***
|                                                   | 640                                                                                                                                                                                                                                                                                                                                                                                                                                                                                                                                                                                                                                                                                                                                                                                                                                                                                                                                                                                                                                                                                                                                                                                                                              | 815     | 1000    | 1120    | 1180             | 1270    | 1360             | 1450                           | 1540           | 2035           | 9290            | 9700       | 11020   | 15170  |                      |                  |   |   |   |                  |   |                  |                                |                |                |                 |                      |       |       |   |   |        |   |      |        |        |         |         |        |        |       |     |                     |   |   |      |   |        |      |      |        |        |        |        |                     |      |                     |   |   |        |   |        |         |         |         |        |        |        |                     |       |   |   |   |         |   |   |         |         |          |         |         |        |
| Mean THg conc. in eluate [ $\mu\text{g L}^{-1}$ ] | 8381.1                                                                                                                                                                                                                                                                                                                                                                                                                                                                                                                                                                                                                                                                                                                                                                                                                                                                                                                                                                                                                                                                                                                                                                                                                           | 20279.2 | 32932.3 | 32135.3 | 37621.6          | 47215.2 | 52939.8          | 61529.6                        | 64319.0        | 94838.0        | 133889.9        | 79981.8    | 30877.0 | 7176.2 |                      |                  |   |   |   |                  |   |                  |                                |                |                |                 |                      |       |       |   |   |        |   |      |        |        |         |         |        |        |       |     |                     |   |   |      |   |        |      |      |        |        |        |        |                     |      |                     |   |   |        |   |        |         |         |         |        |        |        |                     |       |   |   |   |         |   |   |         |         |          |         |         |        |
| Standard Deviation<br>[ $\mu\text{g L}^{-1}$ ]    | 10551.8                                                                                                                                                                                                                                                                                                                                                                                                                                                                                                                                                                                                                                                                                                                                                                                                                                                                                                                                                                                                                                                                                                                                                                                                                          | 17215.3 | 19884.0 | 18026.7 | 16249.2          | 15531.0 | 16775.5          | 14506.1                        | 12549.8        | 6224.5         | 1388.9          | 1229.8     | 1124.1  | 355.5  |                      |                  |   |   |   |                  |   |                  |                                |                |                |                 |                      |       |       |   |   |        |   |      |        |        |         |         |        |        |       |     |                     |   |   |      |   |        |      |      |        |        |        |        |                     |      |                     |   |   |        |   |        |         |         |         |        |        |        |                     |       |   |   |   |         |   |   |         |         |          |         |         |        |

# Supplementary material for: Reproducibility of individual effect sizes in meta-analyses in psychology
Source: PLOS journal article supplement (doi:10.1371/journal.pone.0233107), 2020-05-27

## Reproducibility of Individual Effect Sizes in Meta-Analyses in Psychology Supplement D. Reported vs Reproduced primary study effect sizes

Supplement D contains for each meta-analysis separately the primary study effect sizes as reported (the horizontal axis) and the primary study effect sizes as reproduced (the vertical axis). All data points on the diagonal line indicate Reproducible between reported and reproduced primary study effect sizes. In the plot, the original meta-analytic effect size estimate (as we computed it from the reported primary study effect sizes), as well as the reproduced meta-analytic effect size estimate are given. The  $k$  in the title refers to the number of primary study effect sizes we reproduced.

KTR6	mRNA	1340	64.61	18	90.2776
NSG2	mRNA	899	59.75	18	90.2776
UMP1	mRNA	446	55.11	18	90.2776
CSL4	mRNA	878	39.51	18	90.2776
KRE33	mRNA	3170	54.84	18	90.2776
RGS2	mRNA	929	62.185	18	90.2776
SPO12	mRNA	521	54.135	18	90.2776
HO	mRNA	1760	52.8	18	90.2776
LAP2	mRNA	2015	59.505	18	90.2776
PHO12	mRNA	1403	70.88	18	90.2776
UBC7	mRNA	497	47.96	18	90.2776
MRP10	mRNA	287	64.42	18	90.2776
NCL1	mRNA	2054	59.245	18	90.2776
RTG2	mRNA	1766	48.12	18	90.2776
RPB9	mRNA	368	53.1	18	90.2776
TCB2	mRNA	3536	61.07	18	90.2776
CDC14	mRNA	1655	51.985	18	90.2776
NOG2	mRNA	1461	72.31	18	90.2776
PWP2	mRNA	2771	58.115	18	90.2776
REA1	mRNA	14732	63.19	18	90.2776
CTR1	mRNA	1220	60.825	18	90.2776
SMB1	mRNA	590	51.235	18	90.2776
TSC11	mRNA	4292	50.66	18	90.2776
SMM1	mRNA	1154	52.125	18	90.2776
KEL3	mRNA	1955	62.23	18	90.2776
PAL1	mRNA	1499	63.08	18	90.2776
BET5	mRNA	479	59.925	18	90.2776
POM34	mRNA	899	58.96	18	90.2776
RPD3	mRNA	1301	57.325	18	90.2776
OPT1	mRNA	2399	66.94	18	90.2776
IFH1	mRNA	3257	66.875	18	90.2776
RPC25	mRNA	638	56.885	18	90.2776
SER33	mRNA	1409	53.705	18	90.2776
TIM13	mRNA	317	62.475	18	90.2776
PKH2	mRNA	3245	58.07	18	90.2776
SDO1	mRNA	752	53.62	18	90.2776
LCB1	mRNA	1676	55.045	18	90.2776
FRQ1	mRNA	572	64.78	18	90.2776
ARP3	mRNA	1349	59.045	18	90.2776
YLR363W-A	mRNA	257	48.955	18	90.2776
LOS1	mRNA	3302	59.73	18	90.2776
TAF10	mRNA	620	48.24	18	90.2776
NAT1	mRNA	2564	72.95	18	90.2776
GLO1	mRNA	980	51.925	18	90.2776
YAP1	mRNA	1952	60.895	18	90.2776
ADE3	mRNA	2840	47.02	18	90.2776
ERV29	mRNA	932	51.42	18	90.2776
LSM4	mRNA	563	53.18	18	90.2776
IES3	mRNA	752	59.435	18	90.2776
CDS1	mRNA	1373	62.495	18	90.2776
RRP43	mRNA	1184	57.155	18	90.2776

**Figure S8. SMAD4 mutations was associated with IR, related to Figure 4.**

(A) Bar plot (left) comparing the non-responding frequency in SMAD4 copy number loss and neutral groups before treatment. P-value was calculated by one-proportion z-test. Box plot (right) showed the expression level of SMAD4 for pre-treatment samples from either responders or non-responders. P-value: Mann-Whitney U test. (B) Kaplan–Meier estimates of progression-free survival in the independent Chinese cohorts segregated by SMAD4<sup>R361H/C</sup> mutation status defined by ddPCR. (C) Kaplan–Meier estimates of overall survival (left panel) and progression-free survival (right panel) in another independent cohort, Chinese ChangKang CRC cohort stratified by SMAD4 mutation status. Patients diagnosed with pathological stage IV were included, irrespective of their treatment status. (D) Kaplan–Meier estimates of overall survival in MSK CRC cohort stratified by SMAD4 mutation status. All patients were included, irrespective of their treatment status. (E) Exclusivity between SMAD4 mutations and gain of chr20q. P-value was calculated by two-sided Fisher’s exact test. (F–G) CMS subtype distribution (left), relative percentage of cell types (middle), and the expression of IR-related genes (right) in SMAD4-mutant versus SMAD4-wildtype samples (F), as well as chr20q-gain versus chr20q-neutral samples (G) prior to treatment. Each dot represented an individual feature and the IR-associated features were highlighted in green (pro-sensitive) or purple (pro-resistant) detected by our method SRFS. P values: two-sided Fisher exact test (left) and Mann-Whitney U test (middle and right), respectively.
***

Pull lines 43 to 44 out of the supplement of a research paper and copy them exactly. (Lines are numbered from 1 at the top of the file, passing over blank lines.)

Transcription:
SDO1	mRNA	752	53.62	18	90.2776
LCB1	mRNA	1676	55.045	18	90.2776